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Increased caffeine consumption is associated with reduced hepatic fibrosis

Authors

  • Apurva A. Modi,

    1. Liver Diseases Branch, National Institutes of Diabetes and Digestive and Kidney Diseases (NIDDK), National Institutes of Health (NIH), Bethesda, MD
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    • These authors contributed equally to the study.

  • Jordan J. Feld,

    1. Liver Diseases Branch, National Institutes of Diabetes and Digestive and Kidney Diseases (NIDDK), National Institutes of Health (NIH), Bethesda, MD
    2. Toronto Western Hospital Liver Clinic, Division of Gastroenterology, University of Toronto, Toronto, Canada
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    • These authors contributed equally to the study.

  • Yoon Park,

    1. Liver Diseases Branch, National Institutes of Diabetes and Digestive and Kidney Diseases (NIDDK), National Institutes of Health (NIH), Bethesda, MD
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  • David E. Kleiner,

    1. National Cancer Institute, NIH, Bethesda, MD
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  • James E. Everhart,

    1. Division of Digestive Diseases and Nutrition, NIDDK, NIH, Bethesda, MD
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  • T. Jake Liang,

    1. Liver Diseases Branch, National Institutes of Diabetes and Digestive and Kidney Diseases (NIDDK), National Institutes of Health (NIH), Bethesda, MD
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  • Jay H. Hoofnagle

    Corresponding author
    1. Liver Diseases Branch, National Institutes of Diabetes and Digestive and Kidney Diseases (NIDDK), National Institutes of Health (NIH), Bethesda, MD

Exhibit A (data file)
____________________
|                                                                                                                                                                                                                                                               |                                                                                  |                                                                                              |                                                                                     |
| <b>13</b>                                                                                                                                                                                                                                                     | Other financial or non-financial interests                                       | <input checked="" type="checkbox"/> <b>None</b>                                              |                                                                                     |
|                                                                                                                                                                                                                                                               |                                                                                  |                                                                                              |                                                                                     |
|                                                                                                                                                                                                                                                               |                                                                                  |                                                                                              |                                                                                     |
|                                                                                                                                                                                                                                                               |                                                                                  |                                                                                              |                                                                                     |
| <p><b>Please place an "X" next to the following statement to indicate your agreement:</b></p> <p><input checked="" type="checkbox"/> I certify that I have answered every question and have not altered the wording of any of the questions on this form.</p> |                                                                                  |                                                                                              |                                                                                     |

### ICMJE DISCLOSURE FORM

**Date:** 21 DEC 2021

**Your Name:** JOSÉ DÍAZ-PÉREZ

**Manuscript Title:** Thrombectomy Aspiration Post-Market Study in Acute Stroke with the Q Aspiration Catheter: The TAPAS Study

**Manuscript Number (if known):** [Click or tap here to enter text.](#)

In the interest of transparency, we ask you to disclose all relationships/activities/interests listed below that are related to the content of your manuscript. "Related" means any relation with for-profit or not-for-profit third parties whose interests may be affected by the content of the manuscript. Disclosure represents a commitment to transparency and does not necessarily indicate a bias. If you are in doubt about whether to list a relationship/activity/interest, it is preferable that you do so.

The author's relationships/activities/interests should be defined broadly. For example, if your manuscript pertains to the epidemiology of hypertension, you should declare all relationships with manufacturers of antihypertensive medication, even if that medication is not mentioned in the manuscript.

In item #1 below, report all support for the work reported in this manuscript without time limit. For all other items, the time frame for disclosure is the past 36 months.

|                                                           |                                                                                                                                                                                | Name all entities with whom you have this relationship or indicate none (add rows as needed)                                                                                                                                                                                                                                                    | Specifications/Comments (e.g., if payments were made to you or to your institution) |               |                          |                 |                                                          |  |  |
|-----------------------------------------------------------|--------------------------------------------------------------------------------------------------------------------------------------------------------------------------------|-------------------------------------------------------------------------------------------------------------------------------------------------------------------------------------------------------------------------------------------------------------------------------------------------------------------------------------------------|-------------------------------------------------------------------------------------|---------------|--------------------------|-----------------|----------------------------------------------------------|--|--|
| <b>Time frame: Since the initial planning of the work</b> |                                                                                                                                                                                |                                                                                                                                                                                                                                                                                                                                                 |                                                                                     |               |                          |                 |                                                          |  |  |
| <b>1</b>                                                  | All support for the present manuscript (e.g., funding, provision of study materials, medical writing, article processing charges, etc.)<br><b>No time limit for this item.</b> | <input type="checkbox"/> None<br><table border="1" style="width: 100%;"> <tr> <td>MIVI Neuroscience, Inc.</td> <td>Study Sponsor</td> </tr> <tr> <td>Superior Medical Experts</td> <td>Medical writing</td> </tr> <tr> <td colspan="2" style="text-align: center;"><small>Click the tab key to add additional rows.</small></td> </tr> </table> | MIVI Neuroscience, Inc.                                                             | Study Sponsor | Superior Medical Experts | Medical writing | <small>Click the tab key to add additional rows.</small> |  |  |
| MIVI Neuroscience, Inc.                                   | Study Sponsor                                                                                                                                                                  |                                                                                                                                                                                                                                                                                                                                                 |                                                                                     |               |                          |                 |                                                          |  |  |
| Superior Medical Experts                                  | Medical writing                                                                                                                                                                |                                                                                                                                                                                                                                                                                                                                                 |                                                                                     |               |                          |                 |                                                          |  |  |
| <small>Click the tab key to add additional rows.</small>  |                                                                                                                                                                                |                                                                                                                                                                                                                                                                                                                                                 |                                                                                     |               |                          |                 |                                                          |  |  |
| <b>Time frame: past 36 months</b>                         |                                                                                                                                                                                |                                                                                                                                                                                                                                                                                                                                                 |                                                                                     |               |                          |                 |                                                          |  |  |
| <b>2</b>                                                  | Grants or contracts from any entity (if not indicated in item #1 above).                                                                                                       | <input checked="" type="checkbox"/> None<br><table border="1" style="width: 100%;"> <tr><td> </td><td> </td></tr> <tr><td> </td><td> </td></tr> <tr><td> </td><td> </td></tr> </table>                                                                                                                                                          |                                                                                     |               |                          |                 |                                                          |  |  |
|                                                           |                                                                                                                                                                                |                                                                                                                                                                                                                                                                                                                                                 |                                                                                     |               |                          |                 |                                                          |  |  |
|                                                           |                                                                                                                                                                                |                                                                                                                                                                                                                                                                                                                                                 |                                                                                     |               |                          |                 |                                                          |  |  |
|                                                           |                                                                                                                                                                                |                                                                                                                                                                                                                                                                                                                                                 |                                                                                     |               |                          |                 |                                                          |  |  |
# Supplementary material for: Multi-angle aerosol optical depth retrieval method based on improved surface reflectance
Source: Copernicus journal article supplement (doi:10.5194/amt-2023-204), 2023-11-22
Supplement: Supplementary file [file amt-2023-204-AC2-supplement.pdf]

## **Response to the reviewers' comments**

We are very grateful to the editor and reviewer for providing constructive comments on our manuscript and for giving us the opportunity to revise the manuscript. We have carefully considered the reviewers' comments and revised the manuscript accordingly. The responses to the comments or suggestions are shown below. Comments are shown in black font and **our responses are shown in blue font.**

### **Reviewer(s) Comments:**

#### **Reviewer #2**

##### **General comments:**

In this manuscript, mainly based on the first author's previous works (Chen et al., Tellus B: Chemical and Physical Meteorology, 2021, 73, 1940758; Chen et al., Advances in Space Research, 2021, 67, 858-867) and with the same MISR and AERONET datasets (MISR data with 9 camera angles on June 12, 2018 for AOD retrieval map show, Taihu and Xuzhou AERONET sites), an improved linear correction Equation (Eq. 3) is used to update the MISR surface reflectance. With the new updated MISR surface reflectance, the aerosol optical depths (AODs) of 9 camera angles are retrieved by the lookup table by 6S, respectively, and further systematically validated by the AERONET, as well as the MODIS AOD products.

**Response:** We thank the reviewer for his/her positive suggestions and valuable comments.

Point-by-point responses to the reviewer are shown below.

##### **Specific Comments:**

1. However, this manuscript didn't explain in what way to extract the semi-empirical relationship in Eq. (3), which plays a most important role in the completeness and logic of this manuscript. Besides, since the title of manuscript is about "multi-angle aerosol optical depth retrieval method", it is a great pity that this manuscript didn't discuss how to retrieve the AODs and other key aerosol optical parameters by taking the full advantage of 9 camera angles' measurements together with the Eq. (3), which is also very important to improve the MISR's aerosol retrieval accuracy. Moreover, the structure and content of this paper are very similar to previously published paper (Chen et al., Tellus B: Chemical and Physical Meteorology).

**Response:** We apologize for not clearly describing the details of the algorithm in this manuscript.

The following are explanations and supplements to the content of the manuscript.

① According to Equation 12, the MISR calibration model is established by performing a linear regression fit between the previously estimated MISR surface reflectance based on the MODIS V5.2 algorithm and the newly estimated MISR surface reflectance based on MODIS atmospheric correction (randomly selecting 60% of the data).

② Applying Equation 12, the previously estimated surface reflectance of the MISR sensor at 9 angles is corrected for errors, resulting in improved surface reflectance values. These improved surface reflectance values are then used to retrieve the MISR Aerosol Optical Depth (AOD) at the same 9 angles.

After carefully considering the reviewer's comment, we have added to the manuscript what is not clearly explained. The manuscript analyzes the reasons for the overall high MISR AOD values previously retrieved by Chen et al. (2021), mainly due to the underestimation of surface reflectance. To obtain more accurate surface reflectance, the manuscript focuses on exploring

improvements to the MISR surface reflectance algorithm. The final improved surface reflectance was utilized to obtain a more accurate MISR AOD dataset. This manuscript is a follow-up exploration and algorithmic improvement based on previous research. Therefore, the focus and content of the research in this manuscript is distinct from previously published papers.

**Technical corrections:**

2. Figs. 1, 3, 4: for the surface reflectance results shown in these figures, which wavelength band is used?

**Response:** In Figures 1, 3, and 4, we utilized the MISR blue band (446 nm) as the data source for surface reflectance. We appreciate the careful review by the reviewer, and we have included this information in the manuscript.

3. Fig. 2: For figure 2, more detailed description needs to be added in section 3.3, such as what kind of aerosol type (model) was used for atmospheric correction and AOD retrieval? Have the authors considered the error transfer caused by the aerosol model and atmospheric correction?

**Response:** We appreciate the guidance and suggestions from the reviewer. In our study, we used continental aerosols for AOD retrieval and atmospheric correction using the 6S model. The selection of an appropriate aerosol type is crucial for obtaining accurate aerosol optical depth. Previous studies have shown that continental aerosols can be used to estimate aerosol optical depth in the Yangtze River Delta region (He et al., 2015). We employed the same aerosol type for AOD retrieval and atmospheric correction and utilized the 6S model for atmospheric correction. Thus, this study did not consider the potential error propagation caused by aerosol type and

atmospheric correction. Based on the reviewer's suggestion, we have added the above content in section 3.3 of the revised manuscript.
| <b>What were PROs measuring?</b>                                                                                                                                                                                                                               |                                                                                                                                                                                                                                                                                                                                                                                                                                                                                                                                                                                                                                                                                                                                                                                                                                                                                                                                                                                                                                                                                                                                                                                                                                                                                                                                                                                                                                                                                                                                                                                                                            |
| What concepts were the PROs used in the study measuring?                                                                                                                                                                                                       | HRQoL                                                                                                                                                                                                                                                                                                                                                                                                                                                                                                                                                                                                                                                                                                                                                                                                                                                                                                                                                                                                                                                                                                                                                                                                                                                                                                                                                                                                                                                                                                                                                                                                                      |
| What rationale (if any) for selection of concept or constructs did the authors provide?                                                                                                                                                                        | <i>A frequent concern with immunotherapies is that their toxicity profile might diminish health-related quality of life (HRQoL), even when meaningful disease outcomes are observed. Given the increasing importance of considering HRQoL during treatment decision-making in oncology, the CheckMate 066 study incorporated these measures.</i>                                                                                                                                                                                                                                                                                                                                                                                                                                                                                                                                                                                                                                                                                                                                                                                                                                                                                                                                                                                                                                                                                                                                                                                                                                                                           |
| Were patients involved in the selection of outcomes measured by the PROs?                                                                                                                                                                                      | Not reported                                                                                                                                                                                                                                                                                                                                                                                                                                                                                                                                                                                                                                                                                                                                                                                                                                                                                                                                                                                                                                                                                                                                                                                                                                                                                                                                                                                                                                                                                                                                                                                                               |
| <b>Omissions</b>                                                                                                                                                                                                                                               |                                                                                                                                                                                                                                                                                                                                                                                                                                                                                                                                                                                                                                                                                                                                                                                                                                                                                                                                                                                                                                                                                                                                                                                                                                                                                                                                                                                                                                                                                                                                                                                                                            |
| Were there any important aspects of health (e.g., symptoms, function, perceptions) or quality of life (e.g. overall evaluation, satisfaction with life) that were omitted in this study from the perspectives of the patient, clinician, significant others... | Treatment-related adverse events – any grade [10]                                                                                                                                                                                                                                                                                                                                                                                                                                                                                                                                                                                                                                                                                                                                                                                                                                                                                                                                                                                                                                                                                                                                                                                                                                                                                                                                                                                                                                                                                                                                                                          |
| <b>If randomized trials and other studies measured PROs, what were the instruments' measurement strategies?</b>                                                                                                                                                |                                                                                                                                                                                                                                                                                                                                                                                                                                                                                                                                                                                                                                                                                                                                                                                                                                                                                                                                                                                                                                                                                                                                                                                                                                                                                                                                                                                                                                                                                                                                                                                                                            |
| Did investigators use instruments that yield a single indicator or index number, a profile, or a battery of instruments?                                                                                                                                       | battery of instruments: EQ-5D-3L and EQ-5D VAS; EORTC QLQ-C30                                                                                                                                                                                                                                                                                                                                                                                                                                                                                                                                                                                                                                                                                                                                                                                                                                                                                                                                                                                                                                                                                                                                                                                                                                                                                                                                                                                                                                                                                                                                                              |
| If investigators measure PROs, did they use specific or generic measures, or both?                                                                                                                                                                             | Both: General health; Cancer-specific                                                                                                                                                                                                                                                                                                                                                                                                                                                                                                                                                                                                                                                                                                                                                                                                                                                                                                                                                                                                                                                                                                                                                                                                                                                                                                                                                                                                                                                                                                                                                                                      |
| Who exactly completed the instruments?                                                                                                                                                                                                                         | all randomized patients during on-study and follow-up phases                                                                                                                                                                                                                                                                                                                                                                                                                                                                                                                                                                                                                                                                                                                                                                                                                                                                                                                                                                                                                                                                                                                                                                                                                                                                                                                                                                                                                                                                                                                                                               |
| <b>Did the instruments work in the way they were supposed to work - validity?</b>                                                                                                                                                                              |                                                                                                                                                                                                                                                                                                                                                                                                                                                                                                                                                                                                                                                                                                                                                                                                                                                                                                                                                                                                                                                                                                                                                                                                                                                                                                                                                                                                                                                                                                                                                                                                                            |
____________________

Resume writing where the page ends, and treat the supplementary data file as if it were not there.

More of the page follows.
• Director, Liver Disease Research Branch, Division of Digestive Diseases and Nutrition, NIDDK, NIH, Building 31 Room 9A27, Bethesda, MD 20892
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    • fax: 301-480-7926


  • Potential conflict of interest: Nothing to report.

Abstract

Although coffee consumption has been associated with reduced frequency of liver disease, it is unclear whether the effect is from coffee or caffeine and whether there is an effect on hepatic fibrosis specifically. This study was undertaken to use a food-frequency instrument for dietary caffeine consumption to evaluate the relationship between caffeine intake and liver fibrosis. Patients undergoing liver biopsy completed a detailed caffeine questionnaire on three occasions over a 6-month period. Caffeine intake was compared between patients with mild and advanced liver fibrosis (bridging fibrosis/cirrhosis). Logistic regression was used to evaluate the association between caffeine consumption and hepatic fibrosis. One hundred seventy-seven patients (99 male, 104 white, 121 with chronic hepatitis C virus [HCV] infection) undergoing liver biopsy completed the caffeine questionnaire on up to three occasions. Results from repeated questionnaires were consistent. Daily caffeine consumption above the 75th percentile for the cohort (308 mg = approximately 2.25 cups of coffee equivalents) was associated with reduced liver fibrosis (odds ratio [OR], 0.33; 95% confidence interval [CI], 0.14-0.80; P = 0.015) and the protective association persisted after controlling for age, sex, race, liver disease, body mass index, and alcohol intake in all patients (OR, 0.25; 95% CI, 0.09-0.67; P = 0.006), as well as the subset with HCV infection (OR, 0.19; 95% CI, 0.05-0.66; P = 0.009). Despite a modest trend, consumption of caffeine from sources other than coffee or of decaffeinated coffee was not associated with reduced liver fibrosis. A reliable tool for measurement of caffeine consumption demonstrated that caffeine consumption, particularly from regular coffee, above a threshold of approximately 2 coffee-cup equivalents per day, was associated with less severe hepatic fibrosis. (HEPATOLOGY 2010;51:201–209.)

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